Her Cocktail – by Kelsey Guerin
My housemates and I were watching TLC while getting ready for the start of our weekend when a woman with a Princess Leia hairdo came on “Say Yes to the Dress” looking for a wedding gown fit for intergalactic royalty.
My only thought: I don’t get it.
It’s not that I think “Star Wars” is bad. Thanks to the set of six-year-old twins I babysit back home, I’ve seen all of the movies — even the one they’ve dubbed “gross” because Anakin and Padme kiss.
The movies are entertaining enough. The villain is pretty cool (since he is voiced by James Earl Jones), Han Solo is sufficiently snarky and Princess Leia certainly kicks some butt.
But if we’re going to talk about awesome females, let me point you in the direction of Sarah Connor, who probably would have broken out of Jabba the Hutt’s lair with a club stolen from an orderly, a single needle and some cleaning solution. And if you value the bones in your hands, don’t even think about putting her in one of those slave bikini outfits.
As for a stellar villain, look no further than the animated classic “The Lion King.” Scar may not have had a long run as king of the pride, but he will always remain the king of sass in my book.
I guess that my complaint with “Star Wars” is this: I want to be blown away by a series that retained enough popularity over nearly four decades to inspire its own religion (yes, Jediism is a thing), and I’m not.
I have no desire to buy a light-up stick. I don’t want people to make loud, warbling noises at me in their best Chewbacca impression. I never feel like putting on metallic paint and going to Comic Con dressed up like a robot. And I guess Harrison Ford is pretty attractive, but let’s be real — after seeing any movie with Ryan Gosling, every other actor is just a disappointment.
Joseph Campbell, one of the world’s leading authorities on mythology before his death in the late ‘80s, frequently used “Star Wars” as the epitome of the perfect mythological story; the original trilogy possesses all of the characters and themes of mythological tales, and it follows the story arc of the hero’s journey to a tee.
The problem is Campbell’s analysis didn’t make me think of “Star Wars” as a work of genius. Instead, it confirmed the suspicions I felt while watching the movies for the first time — I’ve seen all of this before.
Perhaps part of the problem is “Star Wars” is so much a part of our culture that everyone has been copying it for decades. While the original series might have been groundbreaking in the ‘70s, it has been done to death in everything from “Family Guy” to “Toy Story 2.”
Regardless of the exact reason, I don’t understand the hype around “Star Wars,” and sometimes I wish the whole series had been forgotten a long time ago, in a galaxy far, far away.
His Beer – by Martin O’Sullivan
If you’re about to argue against the greatness of a movie, best not to start with any reference to TLC. Ruins your credibility, but maybe that’s just me.
Now, to talk about “Star Wars.” And to be clear, I mean the movies that were released between 1977 and 1983. Any other films don’t exist to me.
Before I begin dissecting Kelsey’s argument, let me explain why these are some of the greatest films ever made. “Star Wars” is the perfect story of the anybody who, in realizing that he has the power to become the ultimate hero, must also battle the urge to become an even greater villain. It has the most epic moments in film history, like the main character discovering his father as his nemesis but also a clear example of his potential. When you break it down to its most basic elements, it’s a movie about space ninjas with laser swords … how does this not make sense?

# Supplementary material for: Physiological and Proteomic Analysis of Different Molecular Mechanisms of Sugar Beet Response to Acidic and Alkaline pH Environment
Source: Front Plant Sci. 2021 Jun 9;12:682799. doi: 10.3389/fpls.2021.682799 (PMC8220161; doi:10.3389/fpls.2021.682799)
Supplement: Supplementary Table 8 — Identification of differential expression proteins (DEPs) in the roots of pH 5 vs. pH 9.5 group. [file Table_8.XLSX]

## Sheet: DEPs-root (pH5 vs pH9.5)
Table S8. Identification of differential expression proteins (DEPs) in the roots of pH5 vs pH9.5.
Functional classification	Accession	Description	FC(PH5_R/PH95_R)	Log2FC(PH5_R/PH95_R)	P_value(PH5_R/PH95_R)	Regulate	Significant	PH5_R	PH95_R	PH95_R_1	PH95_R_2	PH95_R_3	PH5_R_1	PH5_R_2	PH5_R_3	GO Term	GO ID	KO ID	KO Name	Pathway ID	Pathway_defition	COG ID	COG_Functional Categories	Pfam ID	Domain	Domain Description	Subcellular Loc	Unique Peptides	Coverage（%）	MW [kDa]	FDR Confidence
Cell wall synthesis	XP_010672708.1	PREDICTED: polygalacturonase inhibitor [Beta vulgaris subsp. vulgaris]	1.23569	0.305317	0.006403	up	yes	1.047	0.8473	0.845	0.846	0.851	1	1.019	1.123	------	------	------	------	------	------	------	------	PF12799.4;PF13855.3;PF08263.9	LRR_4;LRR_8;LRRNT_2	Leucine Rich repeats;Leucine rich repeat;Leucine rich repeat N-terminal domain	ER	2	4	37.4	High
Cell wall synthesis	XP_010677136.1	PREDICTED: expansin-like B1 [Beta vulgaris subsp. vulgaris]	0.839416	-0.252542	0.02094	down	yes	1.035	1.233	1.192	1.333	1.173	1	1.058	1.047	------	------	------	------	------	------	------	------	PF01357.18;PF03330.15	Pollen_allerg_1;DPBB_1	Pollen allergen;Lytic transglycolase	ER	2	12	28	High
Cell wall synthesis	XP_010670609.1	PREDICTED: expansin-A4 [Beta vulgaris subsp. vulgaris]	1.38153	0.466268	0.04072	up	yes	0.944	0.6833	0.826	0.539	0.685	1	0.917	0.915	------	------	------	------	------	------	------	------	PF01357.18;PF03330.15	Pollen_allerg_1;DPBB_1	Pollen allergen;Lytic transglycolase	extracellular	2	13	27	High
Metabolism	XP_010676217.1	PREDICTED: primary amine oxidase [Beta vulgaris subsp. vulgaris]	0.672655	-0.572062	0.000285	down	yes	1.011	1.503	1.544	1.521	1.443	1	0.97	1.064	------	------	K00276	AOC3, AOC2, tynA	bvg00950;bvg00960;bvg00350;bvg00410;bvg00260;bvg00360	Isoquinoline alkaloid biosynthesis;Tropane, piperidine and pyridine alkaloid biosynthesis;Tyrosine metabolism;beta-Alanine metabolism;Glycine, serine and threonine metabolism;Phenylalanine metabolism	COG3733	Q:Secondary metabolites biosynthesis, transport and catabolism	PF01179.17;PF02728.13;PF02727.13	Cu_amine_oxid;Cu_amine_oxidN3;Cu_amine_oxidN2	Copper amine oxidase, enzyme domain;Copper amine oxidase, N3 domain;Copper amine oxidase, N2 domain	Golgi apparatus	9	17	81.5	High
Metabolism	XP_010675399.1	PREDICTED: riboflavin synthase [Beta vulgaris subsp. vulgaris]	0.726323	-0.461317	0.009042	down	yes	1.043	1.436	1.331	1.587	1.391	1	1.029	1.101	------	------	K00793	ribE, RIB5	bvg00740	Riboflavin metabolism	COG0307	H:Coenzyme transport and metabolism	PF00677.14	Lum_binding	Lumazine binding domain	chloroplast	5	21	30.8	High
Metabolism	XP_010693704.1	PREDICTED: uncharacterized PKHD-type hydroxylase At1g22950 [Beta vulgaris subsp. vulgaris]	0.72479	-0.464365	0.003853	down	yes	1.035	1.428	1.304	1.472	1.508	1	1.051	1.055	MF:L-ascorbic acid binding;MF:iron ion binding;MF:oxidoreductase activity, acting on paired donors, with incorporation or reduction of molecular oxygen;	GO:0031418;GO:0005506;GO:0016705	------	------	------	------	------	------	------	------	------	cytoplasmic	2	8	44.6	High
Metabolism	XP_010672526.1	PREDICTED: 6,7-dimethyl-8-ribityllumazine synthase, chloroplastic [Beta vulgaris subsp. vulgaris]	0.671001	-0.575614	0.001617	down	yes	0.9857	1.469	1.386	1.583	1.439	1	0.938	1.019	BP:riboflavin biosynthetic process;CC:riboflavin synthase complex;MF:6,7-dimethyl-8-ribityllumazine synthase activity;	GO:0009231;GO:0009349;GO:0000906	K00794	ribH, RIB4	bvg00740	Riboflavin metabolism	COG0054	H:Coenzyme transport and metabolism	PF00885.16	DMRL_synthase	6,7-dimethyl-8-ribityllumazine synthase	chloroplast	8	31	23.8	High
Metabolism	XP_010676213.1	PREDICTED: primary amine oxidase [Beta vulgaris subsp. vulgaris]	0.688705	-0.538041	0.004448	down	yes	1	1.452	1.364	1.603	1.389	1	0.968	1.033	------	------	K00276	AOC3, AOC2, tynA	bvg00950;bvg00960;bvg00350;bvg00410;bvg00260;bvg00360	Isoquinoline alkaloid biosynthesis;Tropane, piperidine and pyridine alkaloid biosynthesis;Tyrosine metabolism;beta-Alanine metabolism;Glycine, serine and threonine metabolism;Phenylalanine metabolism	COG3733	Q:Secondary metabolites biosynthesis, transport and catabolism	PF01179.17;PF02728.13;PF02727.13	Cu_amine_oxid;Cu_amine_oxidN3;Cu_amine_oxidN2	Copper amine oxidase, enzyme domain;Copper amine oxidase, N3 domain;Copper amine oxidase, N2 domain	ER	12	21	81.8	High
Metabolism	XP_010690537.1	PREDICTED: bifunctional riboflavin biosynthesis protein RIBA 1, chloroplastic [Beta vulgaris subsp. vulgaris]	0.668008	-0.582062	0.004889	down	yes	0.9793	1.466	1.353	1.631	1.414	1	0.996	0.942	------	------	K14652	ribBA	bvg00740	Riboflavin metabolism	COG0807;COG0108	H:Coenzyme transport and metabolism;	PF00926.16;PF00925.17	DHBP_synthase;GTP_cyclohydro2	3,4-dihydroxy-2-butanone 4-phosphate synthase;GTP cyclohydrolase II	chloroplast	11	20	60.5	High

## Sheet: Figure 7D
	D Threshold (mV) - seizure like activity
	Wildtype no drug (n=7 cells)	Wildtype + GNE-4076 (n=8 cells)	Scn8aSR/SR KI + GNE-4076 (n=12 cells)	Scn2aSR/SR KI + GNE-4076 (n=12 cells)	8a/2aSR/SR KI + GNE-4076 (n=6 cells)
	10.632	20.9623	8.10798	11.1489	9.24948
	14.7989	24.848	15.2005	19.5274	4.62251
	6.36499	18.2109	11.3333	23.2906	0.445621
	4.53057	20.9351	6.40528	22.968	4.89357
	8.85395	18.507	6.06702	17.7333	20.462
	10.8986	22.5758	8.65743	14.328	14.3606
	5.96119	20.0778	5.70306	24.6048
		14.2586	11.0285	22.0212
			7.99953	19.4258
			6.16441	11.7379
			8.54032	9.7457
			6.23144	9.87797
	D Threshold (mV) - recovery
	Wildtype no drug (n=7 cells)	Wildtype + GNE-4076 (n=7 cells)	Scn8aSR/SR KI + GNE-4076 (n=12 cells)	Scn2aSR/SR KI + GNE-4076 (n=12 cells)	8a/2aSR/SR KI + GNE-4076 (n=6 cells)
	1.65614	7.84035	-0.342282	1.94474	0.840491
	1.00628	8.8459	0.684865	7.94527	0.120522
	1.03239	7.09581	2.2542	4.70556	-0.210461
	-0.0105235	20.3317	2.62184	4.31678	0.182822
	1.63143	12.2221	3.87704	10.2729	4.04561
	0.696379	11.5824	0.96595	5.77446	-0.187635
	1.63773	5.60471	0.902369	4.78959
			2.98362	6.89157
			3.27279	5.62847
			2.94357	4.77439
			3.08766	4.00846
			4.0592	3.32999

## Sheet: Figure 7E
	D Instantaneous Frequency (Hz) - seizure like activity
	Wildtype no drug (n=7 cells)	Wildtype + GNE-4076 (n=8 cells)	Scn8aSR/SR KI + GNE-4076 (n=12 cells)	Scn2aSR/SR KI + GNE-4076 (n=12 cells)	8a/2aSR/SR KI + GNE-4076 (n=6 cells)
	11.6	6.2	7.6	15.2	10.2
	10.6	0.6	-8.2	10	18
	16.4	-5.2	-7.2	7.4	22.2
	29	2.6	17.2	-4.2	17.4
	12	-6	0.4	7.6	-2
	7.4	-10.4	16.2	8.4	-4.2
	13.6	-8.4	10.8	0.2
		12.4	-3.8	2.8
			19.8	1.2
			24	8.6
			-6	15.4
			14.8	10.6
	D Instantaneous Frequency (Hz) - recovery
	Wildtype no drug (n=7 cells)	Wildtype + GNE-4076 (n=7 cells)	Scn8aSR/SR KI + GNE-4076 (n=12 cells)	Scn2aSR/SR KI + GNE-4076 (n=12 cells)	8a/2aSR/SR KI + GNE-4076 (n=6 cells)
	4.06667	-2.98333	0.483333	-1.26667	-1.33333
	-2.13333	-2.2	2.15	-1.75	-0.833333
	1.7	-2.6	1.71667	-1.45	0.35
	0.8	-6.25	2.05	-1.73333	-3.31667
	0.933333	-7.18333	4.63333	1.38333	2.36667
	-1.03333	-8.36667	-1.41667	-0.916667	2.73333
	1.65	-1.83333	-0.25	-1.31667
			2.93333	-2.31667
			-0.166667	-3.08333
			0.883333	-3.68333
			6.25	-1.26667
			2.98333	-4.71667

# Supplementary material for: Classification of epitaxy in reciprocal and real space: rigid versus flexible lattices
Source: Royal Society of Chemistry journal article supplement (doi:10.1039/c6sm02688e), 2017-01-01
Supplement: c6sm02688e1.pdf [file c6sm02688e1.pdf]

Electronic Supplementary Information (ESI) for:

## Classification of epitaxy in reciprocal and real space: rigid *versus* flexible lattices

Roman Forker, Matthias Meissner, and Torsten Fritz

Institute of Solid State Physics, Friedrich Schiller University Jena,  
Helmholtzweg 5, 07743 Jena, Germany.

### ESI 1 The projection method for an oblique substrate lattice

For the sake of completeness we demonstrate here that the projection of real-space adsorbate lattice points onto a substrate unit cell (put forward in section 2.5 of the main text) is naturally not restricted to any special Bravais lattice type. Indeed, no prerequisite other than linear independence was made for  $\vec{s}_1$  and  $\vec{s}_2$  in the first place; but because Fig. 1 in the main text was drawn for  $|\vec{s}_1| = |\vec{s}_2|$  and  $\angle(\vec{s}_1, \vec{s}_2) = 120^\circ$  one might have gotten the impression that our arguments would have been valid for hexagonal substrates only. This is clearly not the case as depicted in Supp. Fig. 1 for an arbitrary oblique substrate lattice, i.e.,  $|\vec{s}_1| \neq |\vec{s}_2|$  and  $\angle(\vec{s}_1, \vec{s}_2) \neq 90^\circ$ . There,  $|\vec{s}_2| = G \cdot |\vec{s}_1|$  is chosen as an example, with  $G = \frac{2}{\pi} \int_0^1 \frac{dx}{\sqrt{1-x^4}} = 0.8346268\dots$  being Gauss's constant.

It is the pioneer of special effects. While this may have influenced many subsequent filmmakers to replace actual plot with CGI (I’ll admit, this includes George Lucas down the line), special effects are important on more than just the entertainment level. It inspires so many people to dream big, and a select few will be the ones who make fiction reality. Obviously, I’m not saying they’ll invent lightsabers, but notice the presence of bionic limbs in these films. Guess what was done successfully in 2012? New technologies allowed a paralyzed woman to make a robotic arm pick up items in her immediate line of vision by simply thinking about it.
Additionally, “Star Wars” paved the way for science fiction to become a leader in the film industry. So is it a coincidence “Terminator” was released in 1984, a year after the conclusion of “Star Wars”? Sarah Connor may be awesome, but she owes her continued existence in part to George Lucas.
I don’t want to even address the comparison of Darth Vader to a talking cartoon lion. However, I have to point out that the basis of Kelsey’s argument is that “you’ve seen it all before” – yet one of the films she references is the “The Lion King,” a clear rendition of Shakespeare’s “Hamlet.” Really?
You feel cheated that none of this is new to you, in part because “one of the world’s leading authorities on mythology” called it the “poster child of the perfect mythological story.” I’m sorry, how is this supposed to convince the reader it’s not the greatest trilogy?
Yes, it’s permeated every medium of the entertainment industry. And granted, some tributes might not be for everyone – “Family Guy” can get annoying, I get it – but why should the quality of the recreation affect the original? Do you like “The Odyssey” any less because you didn’t enjoy “Ulysses,” “O Brother, Where Art Thou?” or “Big Fish”?
All I can say to Kelsey is this: Blame your parents. They didn’t show you these movies before you had become bored with second-rate references in pop culture. When you’ve seen several movies that make fun of Vader being Luke’s father, seeing the original scene for the first time isn’t as cool. Your loss, dude.